A lot has happened since I introduced myself to you here. We’re continuing to listen to our customers and we have accelerated our product releases and geographic coverage in response. Just since January, we’ve launched Cloud in the UK, Cloud Load Balancers, Akamai CDN to all of our Cloud Files customers, , Ubuntu on Managed Cloud, higher throughput limits on Cloud Servers, a number of features to our Cloud Files product, and many more. Today, I want to share with you the progress we’re making using open source, namely OpenStack. A significant part of our focus over the remainder of the year will be transitioning our Cloud Server code base to OpenStack Compute, also known as “Nova.” This strategic decision has many implications that will affect the majority of our customers so I want to highlight a few changes.
We will shift our hypervisor to Citrix XenServer from our current Open Source Xen, which we call “Xen Classic.” XenServer is being well-adopted by our customers and partners and is the hypervisor we currently use for our Windows offering. Standardizing on one hypervisor will ensure a smoother transition to OpenStack. We are aware of some functionality differences including the inability to downsize a slice. However, we have thought through this and feel the added benefits of XenServer, including its out-of-the-box capabilities, management features and APIs, outweigh the drawbacks of not being able to size down.
Moving Cloud Servers to the OpenStack Compute (“Nova “) code base
The current strategic goal for Cloud Servers is to fully transition first to XenServer and then to the OpenStack code base. To get there we will first aim for feature parity between Nova and our current Cloud Servers offering while moving to a common API across our current Cloud Servers offering and Nova. We will strive to make this process as smooth as possible for our customers as we prepare for the future.
OpenStack’s Cactus release has allowed us to make significant strides in this transition. XenServer support is now a strong part of Nova. Many core public cloud features have been added in Cactus that closes the gap on feature parity. We are approaching the close of final details on an API that can be run on both Nova and Cloud Servers. The progress on all fronts is continuing to accelerate. We feel confident that we can stay on track to deploy Nova to our Rackspace customers later this year.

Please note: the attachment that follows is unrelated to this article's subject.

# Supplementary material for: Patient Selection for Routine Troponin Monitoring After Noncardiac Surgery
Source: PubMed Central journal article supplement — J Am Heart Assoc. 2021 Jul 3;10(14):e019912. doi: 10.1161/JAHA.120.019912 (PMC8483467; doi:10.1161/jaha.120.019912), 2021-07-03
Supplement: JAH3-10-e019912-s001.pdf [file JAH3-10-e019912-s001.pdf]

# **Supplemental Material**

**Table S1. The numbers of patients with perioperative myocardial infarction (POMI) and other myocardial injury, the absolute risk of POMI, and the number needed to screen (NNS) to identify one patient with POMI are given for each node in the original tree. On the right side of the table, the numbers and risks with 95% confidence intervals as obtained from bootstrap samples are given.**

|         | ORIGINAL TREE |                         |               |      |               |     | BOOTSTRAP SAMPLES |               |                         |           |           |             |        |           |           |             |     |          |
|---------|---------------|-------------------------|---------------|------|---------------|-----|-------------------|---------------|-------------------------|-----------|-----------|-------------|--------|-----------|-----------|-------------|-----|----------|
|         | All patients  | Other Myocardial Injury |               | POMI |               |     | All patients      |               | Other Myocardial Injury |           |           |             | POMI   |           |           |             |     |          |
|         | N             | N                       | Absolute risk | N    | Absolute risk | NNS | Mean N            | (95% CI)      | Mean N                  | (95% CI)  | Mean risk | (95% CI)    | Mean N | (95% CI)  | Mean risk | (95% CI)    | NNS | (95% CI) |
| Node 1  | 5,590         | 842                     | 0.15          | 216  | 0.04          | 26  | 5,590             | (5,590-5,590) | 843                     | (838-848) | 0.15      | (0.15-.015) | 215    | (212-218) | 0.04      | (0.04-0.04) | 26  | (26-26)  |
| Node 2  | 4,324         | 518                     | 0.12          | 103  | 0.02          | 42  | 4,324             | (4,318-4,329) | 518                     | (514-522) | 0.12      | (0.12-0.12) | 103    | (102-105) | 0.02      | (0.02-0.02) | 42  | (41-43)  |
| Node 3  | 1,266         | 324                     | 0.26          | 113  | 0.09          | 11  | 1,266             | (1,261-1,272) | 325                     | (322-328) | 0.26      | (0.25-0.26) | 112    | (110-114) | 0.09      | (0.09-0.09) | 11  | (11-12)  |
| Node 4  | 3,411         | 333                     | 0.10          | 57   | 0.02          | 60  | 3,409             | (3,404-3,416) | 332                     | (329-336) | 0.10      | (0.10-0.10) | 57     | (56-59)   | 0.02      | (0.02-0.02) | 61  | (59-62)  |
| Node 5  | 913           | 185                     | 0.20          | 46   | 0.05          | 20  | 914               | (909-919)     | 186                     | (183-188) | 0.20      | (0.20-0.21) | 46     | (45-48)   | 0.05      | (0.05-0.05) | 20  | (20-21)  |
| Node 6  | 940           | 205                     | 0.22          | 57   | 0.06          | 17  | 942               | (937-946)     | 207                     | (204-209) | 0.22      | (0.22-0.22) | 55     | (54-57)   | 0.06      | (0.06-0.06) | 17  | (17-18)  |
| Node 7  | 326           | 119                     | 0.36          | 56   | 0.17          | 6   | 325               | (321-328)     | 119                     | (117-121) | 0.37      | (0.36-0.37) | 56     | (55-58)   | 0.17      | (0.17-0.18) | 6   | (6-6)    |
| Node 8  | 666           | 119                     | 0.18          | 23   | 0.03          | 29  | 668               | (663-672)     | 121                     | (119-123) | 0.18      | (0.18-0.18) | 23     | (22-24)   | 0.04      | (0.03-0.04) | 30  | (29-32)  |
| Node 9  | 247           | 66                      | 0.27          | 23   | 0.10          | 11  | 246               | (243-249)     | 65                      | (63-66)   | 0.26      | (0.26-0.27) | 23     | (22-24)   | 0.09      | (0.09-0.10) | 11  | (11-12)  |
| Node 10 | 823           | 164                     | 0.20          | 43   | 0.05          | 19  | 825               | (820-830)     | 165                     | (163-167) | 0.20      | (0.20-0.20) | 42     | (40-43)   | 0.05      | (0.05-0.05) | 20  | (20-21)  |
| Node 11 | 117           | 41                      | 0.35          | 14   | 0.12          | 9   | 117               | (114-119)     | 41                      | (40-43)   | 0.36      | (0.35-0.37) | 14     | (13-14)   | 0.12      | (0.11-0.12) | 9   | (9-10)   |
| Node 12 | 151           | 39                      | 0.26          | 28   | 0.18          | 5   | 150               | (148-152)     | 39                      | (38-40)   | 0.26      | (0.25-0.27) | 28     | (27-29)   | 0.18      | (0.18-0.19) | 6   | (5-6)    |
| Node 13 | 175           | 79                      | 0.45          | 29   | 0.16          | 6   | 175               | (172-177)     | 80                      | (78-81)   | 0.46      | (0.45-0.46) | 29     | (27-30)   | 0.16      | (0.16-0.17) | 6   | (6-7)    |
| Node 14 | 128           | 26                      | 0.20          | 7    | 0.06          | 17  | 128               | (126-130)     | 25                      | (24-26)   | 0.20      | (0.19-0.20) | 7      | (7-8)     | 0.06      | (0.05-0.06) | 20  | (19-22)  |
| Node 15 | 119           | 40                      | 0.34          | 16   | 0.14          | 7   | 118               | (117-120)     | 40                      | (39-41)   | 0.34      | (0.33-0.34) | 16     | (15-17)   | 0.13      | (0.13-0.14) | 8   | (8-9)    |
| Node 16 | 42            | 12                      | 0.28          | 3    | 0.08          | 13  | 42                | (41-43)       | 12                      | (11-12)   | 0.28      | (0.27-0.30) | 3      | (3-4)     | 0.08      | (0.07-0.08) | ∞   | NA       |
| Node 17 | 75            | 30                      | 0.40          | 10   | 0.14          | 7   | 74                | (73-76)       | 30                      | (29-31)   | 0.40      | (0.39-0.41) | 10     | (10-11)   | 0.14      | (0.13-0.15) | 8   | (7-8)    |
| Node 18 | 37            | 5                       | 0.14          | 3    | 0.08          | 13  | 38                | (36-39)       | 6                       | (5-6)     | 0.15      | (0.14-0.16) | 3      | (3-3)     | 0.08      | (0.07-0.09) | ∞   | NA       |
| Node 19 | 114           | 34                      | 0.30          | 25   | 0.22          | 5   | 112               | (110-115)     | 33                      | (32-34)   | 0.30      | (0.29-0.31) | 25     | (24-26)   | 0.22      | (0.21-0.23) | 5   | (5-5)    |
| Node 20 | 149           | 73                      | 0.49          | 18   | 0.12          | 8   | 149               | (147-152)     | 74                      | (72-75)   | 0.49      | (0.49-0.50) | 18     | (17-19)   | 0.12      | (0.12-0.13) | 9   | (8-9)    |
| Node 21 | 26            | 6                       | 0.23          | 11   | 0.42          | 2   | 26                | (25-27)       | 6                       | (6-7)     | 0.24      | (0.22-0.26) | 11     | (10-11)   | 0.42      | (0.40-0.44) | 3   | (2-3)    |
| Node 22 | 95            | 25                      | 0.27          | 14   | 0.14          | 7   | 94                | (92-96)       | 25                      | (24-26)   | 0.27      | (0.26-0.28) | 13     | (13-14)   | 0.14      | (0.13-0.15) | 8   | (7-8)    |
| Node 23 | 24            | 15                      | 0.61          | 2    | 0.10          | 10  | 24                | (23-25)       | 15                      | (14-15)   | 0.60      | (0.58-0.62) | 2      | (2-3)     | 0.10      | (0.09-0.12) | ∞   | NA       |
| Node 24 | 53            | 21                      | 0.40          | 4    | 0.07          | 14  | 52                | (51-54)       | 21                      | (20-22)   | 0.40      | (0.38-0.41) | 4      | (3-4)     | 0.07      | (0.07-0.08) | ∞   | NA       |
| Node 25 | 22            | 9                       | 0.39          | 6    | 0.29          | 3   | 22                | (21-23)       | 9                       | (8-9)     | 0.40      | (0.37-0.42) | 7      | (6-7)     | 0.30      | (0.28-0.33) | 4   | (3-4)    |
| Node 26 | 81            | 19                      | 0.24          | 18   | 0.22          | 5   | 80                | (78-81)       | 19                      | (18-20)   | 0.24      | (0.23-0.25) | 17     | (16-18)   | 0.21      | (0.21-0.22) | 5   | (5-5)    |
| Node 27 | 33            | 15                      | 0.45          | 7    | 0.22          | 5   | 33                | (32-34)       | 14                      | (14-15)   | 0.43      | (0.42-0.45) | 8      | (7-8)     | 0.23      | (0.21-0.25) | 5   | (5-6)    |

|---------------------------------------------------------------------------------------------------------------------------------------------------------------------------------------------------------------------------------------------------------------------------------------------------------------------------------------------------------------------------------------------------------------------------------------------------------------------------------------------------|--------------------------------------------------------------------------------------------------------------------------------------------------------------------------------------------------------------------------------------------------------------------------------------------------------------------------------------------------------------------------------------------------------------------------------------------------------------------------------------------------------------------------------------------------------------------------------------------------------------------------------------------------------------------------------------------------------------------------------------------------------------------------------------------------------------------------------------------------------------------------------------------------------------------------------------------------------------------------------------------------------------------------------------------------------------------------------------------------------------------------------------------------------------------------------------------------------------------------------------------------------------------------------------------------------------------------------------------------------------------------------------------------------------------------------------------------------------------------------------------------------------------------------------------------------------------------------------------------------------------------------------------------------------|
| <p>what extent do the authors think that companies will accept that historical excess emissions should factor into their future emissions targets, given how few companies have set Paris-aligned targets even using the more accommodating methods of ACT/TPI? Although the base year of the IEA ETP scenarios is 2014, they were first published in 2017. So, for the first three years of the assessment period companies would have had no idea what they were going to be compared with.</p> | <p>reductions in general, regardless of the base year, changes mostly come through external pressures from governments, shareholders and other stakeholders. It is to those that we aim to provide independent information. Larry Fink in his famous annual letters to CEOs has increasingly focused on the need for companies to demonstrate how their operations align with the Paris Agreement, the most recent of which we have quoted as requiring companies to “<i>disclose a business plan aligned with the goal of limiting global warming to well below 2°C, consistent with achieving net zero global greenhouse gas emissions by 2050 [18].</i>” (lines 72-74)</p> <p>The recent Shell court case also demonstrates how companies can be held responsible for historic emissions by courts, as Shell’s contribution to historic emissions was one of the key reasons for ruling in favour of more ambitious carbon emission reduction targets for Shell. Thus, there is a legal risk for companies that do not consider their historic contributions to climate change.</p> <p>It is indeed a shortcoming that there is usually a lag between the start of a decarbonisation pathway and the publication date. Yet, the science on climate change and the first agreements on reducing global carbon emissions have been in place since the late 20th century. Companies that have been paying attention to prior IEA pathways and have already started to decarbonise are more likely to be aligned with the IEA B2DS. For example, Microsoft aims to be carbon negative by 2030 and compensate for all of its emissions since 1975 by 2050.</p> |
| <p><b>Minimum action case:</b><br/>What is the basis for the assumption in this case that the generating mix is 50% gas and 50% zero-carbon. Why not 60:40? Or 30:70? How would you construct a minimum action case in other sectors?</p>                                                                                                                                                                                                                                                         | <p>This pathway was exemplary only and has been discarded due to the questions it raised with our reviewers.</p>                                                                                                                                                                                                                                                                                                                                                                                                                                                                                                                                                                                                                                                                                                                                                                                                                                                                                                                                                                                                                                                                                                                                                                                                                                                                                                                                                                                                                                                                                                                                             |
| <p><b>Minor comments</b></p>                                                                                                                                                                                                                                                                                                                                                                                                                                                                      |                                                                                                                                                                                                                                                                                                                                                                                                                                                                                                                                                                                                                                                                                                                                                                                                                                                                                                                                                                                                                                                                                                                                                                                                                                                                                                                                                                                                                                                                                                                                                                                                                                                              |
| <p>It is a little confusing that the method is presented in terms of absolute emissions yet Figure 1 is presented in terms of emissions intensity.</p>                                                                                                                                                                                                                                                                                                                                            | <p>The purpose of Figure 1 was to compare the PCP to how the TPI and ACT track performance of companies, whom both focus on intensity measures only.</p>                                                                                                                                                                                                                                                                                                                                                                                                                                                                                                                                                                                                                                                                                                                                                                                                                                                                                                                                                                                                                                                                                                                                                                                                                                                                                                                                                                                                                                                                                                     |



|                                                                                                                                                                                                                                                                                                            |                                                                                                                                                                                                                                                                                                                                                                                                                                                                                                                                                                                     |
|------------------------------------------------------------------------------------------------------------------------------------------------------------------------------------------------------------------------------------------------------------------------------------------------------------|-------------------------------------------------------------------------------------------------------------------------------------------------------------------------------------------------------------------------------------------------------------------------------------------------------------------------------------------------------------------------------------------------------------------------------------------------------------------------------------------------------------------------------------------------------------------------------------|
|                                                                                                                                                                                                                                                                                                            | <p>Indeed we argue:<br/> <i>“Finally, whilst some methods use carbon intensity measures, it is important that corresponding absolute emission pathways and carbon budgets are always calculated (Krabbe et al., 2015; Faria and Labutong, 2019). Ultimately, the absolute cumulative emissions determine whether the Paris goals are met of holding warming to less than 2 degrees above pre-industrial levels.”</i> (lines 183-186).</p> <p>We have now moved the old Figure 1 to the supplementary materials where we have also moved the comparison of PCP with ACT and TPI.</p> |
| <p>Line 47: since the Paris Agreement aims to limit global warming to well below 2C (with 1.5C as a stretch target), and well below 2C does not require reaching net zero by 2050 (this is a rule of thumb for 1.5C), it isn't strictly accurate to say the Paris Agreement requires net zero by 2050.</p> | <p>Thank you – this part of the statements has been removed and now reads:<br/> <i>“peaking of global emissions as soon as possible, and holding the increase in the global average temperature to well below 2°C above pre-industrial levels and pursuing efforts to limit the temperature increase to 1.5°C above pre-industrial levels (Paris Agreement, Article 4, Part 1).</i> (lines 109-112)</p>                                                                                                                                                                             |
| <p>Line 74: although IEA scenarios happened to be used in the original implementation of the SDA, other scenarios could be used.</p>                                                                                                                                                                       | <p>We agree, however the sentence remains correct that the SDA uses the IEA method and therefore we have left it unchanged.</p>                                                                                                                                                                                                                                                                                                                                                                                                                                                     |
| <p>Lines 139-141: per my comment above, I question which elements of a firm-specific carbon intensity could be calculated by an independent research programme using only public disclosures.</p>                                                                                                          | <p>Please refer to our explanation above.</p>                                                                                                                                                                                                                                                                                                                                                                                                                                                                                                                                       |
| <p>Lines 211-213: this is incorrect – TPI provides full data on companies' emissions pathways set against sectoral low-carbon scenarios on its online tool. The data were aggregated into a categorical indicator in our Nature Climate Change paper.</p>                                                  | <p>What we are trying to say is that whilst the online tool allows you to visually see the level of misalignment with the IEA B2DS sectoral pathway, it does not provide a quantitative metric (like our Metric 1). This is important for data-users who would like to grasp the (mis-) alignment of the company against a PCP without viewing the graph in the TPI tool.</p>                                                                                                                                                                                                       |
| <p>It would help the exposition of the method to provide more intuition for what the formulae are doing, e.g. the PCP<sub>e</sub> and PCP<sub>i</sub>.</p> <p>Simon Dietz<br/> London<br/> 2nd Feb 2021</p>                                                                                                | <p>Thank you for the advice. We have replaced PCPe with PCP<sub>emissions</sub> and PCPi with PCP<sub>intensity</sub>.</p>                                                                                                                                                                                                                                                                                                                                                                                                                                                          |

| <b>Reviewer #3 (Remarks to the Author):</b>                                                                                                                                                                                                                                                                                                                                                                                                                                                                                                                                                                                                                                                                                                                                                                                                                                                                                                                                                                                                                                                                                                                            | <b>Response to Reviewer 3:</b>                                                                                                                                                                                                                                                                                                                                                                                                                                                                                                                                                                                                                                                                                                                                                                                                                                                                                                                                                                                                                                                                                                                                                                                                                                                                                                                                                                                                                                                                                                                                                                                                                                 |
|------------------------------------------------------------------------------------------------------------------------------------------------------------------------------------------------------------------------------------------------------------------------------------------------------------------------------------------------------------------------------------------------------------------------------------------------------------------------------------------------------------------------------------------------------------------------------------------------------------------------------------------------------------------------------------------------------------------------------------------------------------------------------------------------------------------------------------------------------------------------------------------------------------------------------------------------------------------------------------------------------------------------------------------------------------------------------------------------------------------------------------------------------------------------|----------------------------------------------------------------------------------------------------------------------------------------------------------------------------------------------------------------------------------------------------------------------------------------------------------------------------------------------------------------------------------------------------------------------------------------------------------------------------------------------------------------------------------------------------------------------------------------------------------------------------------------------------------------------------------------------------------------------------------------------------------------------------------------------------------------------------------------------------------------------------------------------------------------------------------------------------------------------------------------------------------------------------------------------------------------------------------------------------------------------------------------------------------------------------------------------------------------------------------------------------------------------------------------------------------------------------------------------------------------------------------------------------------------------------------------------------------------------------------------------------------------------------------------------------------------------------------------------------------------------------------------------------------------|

Another area of focus for Rackspace is a discussion around expanding Nova’s networking capabilities into a robust, flexible network as a service offering. It is exciting to see a large number of industry leaders working together in the open to evolve the thinking around leveraging network services in the Cloud.
On Tuesday, we announced the general availability of the Cloud Load Balancers service. While this service was initially developed internally, we are excited about releasing this codebase into the open. At the OpenStack Design Summit, we will be hosting sessions on the product and technology and begin design discussions around version 1.1 of the service. Initially, we are proposing this as an affiliated, incubated project of OpenStack. We still have a lot of work to do to make the code more readily deployable and usable for the community, but we’re excited to begin working with the community to develop a ubiquitous load balancing service.
As we look forward to the Diablo release of OpenStack and beyond, we are excited about getting involved in projects outside of just compute and object storage. Block storage is one of those projects and we look forward to sharing our proposal at the upcoming design summit.
Also at the design summit, Rackspace will be leading sessions to discuss our work and research around relational databases. Work on this effort has been focused on feature development within Nova on the underlying infrastructure control code. Our engineering leads will discuss how we are approaching this problem and begin engaging the community on a more common approach. As we’ve started working through this project, it has become apparent that a number of the problems we are solving are widely applicable to other types of products and services users may choose to build in the future. We want to start a discussion on the best approach to solve these problems and engage the community as we continue developing products and services to build relational databases in the cloud.
And there’s more!
We are offering a proposal and prototype for a common identity service for all OpenStack projects. This is a first step towards supplying the glue that holds OpenStack services together and allows them to interoperate with enterprise IT systems.
Also, we have placed our Cloud Servers API spec in OpenStack for the community to drive it forward. We have proposed an extension mechanism that allows anyone to publish their own extensions to the API in a way that allows for popular extensions to get promoted to native APIs. This mechanism will enable an ecosystem that allows for an open API evolution.
We are moving quickly so check back for updates on these initiatives over the coming weeks and months. If you’re a customer who is affected by any of these activities, we will communicate more details to you directly. And if you’re at the OpenStack Design Summit, look me up – I look forward to meeting you and discussing these initiatives and the future of Cloud products.